Review: Limbo

ON THE EDGE OF HELL

Developer: Playdead
Genre: Puzzle Platformer
Platform: Xbox 360 [Xbox Live Arcade]
Release Date: July 21, 2010
Compatability: File Size 117MB | HDTV 1080p
Rating: 9.0

Xbox Live’s Summer of Arcade has showcased a fantastic array of titles since its debut in 2008. From the hilarious co-op madness of Castle Crashers to last year’s Metroid love letter Shadow Complex, the period from July to August has been so rich in quality that the rest of the year on the platform can seem rather barren by comparison. It’s a pleasure to say that Limbo, this year’s first Summer of Arcade release, more than lives up to the high standards set by its predecessors.

The first game from Copenhagen-based studio Playdead, Limbo sits neatly in the puzzle-platformer sub-genre. Its closest analog is probably 2008’s Braid, though Limbo leans more towards the latter category than Jonathan Blow’s critically acclaimed effort. You play as a young boy. Whilst the game’s description makes reference to a search for your sister, any such exposition is absent from the game itself. A forest scene fades in from black, your character blinks awake and it begins. The brilliance of Limbo’s storytelling is in its minimalist approach. No explanation is necessary; the game’s ghostly backdrops, dormant machinery, and infrequent glimpses of hostile children suggest just enough to provoke doubts and questions in the player’s mind. Taking its cues in this department from Team Ico’s previous works, Limbo is refreshing in that it offers few answers to the questions it inevitably raises. It asks players to forget about ‘why’ or ‘how’ and instead concentrate on the feelings which the game conveys so wonderfully: fear, uncertainty and loss.

In Limbo, there is no one to help you.

The boy is the perfect vessel for this. Not only is he animated beautifully, but he’s one of the most empathetic characters seen in a game for a long time. Again like Ico and Shadow of the Colossus, the player bonds with the silent protagonist in a way not possible in any other medium. The first time you wander into a bear trap, hear the harsh metal snap, and see the boy’s eyes blink shut is a moment not easily forgotten. Sound design is also key here; the game’s soundtrack consists of little original ‘music’. Rather it is scored by ambient environmental noise, be it the chirp of insects, the drone of a generator or the whine of a buzz-saw. It’s a dynamic accompaniment which is eerie, terrifying and hauntingly sad in equal measure. The muffled footsteps and laboured breathing of the boy help to communicate the desolation of the character’s surroundings, whilst also serving as a constant reminder of his frailty. This connection between player and character, which develops further over the course of the game, only deepens the heartbreak felt at its conclusion. Limbo’s ending is profound and understated, and it reaches its emotional zenith in the few, brief moments after the credits have rolled.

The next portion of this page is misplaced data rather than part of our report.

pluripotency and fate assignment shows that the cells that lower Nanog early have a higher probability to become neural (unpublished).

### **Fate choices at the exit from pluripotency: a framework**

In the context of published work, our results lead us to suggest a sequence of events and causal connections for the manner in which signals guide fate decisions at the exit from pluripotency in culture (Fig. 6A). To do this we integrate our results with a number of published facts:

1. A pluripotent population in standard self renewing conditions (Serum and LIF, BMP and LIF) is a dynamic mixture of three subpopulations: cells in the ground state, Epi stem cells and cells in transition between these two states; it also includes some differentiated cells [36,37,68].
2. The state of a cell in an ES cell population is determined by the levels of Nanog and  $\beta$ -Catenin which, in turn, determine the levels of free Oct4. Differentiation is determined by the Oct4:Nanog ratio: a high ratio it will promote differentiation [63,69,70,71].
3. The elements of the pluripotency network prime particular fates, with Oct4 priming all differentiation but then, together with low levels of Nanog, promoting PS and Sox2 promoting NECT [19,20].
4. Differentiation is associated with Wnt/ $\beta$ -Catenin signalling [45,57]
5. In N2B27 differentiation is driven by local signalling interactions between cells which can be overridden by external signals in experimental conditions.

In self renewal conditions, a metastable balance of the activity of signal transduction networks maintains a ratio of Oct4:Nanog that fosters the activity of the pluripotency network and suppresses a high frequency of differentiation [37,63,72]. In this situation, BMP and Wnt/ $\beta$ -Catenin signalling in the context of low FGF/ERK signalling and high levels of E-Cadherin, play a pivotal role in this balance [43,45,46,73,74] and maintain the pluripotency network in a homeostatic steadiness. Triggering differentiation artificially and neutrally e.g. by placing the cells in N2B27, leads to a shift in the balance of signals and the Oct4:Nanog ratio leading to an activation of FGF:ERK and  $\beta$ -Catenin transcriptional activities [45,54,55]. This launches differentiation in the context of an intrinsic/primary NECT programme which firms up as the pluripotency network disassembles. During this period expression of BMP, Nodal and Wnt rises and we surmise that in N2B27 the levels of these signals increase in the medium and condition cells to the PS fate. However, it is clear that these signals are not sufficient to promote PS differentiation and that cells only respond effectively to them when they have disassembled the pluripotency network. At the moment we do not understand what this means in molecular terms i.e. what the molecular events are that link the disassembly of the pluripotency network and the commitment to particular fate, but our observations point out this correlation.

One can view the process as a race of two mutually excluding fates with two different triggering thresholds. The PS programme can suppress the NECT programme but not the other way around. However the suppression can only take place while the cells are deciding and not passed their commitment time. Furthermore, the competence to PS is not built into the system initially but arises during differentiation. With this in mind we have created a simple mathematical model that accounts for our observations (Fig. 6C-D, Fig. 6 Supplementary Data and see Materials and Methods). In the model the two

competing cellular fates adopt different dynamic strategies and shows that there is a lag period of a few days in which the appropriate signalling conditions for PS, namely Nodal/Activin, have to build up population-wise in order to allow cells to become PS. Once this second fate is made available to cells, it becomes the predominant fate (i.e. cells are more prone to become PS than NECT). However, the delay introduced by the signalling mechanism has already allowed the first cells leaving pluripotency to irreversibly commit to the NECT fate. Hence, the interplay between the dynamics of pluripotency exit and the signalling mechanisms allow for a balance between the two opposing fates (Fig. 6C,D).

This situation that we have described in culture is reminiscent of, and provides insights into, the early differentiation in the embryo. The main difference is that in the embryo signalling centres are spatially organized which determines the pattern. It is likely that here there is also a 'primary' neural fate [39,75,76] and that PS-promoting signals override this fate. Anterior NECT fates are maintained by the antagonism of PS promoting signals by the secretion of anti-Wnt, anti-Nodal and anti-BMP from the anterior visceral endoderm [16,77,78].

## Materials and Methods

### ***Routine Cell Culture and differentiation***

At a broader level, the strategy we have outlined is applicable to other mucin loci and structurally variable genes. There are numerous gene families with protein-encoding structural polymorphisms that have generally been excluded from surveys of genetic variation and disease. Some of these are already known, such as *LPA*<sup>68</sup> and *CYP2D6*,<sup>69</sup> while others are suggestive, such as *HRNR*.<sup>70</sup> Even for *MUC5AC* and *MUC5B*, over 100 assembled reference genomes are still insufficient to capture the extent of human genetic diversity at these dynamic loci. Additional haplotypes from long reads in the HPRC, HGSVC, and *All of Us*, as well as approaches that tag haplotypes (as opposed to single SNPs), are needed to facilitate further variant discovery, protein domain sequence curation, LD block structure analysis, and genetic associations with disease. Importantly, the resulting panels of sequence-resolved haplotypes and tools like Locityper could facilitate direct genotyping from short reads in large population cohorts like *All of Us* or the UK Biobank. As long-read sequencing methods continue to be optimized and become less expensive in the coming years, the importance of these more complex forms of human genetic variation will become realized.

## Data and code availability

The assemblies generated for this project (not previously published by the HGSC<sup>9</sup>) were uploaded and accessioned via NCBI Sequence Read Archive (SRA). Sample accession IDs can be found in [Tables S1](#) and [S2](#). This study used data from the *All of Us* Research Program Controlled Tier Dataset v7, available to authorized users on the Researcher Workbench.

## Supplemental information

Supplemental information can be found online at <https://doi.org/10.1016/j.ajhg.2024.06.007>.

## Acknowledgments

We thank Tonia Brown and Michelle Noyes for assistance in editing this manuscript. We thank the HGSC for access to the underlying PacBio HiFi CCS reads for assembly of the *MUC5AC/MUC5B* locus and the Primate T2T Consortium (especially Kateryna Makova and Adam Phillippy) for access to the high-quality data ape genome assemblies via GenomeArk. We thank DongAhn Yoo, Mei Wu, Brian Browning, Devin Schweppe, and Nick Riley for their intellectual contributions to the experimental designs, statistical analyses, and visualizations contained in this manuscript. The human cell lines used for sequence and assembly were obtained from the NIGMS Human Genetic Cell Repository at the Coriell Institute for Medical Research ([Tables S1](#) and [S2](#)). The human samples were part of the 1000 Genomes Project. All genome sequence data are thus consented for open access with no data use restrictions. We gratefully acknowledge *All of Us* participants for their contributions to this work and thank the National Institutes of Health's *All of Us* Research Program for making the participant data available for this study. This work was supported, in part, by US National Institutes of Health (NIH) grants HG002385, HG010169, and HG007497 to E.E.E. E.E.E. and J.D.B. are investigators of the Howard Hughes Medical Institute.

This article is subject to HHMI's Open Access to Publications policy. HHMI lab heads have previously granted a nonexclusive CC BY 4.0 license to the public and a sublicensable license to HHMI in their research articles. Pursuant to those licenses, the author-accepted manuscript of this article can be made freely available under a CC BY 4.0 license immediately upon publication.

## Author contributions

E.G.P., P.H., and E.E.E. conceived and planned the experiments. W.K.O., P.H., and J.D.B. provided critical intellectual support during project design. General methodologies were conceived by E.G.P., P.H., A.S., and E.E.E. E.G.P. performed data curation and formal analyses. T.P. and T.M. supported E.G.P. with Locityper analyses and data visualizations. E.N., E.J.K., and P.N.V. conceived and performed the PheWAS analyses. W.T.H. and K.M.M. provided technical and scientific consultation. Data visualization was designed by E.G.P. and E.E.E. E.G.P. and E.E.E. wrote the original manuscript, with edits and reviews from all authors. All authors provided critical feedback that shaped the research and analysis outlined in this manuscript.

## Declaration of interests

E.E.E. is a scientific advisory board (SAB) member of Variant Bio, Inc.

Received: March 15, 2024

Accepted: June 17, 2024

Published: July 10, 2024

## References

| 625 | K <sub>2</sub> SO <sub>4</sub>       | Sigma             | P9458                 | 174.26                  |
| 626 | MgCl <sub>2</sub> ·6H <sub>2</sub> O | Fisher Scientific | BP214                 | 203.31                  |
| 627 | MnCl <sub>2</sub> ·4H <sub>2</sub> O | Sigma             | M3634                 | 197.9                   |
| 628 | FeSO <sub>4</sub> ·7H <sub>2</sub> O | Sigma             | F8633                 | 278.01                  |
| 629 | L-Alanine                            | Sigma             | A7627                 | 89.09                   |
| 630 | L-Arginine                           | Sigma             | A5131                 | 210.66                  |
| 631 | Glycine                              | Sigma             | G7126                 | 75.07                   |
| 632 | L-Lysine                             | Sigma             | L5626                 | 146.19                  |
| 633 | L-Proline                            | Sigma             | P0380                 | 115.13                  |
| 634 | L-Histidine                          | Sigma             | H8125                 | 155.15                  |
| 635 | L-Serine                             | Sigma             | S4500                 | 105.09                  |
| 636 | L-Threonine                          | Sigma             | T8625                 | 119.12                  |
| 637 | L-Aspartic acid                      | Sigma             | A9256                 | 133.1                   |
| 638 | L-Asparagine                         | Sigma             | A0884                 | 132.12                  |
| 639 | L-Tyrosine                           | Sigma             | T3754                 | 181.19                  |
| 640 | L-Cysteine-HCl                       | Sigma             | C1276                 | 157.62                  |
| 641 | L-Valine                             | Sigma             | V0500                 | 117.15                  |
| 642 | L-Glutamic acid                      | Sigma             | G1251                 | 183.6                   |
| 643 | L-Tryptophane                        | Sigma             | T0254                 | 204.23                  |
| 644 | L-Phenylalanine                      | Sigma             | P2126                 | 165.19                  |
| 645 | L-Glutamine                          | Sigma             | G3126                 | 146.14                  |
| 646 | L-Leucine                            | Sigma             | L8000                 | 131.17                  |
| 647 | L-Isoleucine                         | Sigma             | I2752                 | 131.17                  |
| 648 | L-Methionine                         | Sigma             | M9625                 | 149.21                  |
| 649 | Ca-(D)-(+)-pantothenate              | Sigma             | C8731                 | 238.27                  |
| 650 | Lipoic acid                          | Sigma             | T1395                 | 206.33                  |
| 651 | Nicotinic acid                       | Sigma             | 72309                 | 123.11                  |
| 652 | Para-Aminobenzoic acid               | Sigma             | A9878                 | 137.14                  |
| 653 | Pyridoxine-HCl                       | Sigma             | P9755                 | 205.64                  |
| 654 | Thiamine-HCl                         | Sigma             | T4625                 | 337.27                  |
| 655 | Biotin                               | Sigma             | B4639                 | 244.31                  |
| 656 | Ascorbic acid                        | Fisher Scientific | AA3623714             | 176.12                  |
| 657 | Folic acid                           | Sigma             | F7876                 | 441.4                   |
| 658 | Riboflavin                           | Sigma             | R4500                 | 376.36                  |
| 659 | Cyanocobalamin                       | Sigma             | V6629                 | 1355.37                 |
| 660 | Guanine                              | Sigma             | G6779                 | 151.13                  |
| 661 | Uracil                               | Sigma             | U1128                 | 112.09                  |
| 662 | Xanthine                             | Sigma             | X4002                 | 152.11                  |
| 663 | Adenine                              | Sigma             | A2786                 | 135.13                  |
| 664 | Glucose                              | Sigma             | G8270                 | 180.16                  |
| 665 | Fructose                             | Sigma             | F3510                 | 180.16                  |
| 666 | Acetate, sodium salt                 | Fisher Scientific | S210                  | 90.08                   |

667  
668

Moving on to examine Limbo’s aesthetic, one thing springs to mind instantly: the game is flat out gorgeous. Restricting the palette to black and white can seem limiting on paper, but in practise Playdead have managed to create something both identifiable and alien at once. Screenshots are instantly recognisable, though the game has to be seen in motion for its beauty to be truly demonstrated. It transitions from forest to swamp to industrial site without a single load screen, and this continuity weaves Limbo into one exquisite tapestry. In 20 years time, the next-gen realism of today’s games may not stand up. Limbo unquestionably will.

You will die a lot in Limbo.

On a basic level, progression in Limbo involves travelling from left to right in order to reach an ultimate goal, as in most platformers. Little is new here and in terms of gameplay, Limbo offers scarce innovation. What is present though is certainly well-executed. Controls are tight, movement satisfying, and the many morbid traps and obstacles require timing and dexterity to navigate. There is nothing which will particularly test a New Super Mario Bros. veteran, but then the real challenge in Limbo comes from its brainteasers. The game’s first two-thirds can be navigated quickly and smoothly, but proceedings did grind to a halt when I was confronted with a room-filling, mechanical monstrosity of a puzzle.

Despite this the game is paced well overall, with no idea outstaying its welcome, and subtle environmental hints preventing frustration from slipping in. It’s a perfectly measured experience which unfortunately ends rather too soon. This is less of a problem than it might be though, as the game lends itself well to replaying. The hidden achievement ‘eggs’ alone will keep some invested, whilst the game’s meticulous construction and atmosphere will be enough for others. I’ve played through from start to finish three times now, I’ve cried a little, and I know I’ll pick it up again in years to come.

Reviewed by Ross – August 15, 2010

Graphics
The ‘restricting’ black and white palette is gorgeous. Limbo’s animation us top-notch.
 
Sound
Again limited original music but impressive environmental sound effects. You will feel alone listening to Limbo.
 
Fun
A very original game which cannot be missed by all Xbox 360 owners. You will enjoy Limbo to the full. Great.
 
Final Score

 

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Responses

  1. You sir, are a fine writer.

  2. This is a wonderful game. well worth the money.


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